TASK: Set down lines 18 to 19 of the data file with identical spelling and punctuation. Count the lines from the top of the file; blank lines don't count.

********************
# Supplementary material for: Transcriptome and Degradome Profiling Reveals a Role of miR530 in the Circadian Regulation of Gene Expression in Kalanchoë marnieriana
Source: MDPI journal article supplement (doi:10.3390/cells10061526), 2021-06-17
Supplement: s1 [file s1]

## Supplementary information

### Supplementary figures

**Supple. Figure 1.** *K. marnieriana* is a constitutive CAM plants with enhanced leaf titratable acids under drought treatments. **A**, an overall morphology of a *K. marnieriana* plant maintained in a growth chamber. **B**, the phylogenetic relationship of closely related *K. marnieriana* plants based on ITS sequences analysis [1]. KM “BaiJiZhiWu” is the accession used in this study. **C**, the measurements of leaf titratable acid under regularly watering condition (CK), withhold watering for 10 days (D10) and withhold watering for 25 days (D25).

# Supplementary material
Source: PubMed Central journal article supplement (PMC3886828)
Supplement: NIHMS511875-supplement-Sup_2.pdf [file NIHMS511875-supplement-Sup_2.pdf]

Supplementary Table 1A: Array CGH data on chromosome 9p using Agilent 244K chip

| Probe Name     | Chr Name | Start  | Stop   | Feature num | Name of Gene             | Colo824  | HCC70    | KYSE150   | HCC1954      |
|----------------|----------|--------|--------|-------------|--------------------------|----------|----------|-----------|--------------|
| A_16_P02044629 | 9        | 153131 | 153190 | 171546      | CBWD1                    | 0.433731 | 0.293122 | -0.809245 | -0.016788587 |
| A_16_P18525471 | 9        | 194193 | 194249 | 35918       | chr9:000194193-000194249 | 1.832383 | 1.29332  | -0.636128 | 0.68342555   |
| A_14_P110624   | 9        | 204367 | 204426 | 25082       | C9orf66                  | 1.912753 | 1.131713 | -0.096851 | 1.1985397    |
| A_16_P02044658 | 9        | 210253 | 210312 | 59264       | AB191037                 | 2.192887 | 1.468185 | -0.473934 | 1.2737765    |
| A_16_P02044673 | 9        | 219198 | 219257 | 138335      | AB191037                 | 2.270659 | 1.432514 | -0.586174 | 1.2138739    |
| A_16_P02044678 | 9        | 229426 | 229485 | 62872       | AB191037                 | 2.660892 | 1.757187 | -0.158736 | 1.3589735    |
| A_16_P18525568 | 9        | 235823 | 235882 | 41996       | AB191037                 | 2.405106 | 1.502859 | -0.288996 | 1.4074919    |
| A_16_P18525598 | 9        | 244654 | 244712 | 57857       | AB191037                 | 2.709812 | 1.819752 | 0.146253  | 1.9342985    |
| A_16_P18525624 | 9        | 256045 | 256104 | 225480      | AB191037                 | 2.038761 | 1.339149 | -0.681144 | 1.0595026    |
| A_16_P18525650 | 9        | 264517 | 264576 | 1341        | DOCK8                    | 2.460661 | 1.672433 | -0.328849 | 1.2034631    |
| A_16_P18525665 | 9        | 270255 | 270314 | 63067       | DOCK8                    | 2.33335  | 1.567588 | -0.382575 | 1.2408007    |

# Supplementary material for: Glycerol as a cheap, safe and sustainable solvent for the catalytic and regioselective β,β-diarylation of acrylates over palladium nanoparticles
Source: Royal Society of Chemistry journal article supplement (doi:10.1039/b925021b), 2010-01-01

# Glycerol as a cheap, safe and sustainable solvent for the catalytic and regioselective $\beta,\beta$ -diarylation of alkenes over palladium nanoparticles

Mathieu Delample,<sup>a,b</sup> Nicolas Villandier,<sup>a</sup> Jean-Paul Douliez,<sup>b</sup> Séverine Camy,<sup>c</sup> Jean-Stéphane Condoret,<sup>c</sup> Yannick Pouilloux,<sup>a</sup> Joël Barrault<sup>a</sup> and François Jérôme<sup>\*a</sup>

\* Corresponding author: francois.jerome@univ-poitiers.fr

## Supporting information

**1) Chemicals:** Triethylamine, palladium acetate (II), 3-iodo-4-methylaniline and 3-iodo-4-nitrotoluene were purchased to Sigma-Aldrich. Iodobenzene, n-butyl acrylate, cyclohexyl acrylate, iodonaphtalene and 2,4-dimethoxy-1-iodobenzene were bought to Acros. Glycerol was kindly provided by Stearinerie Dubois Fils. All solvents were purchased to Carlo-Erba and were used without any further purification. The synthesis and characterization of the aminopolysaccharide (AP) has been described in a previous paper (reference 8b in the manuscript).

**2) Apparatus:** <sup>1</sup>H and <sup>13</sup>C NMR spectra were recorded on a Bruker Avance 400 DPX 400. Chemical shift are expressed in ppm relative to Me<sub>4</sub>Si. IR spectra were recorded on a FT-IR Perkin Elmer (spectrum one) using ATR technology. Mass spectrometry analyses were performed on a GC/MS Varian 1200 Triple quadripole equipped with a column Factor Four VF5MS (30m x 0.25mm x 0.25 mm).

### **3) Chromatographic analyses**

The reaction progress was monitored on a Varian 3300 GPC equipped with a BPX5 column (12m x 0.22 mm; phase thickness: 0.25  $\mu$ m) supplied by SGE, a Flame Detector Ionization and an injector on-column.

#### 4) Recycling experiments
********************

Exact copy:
| A_16_P02044678 | 9        | 229426 | 229485 | 62872       | AB191037                 | 2.660892 | 1.757187 | -0.158736 | 1.3589735    |
| A_16_P18525568 | 9        | 235823 | 235882 | 41996       | AB191037                 | 2.405106 | 1.502859 | -0.288996 | 1.4074919    |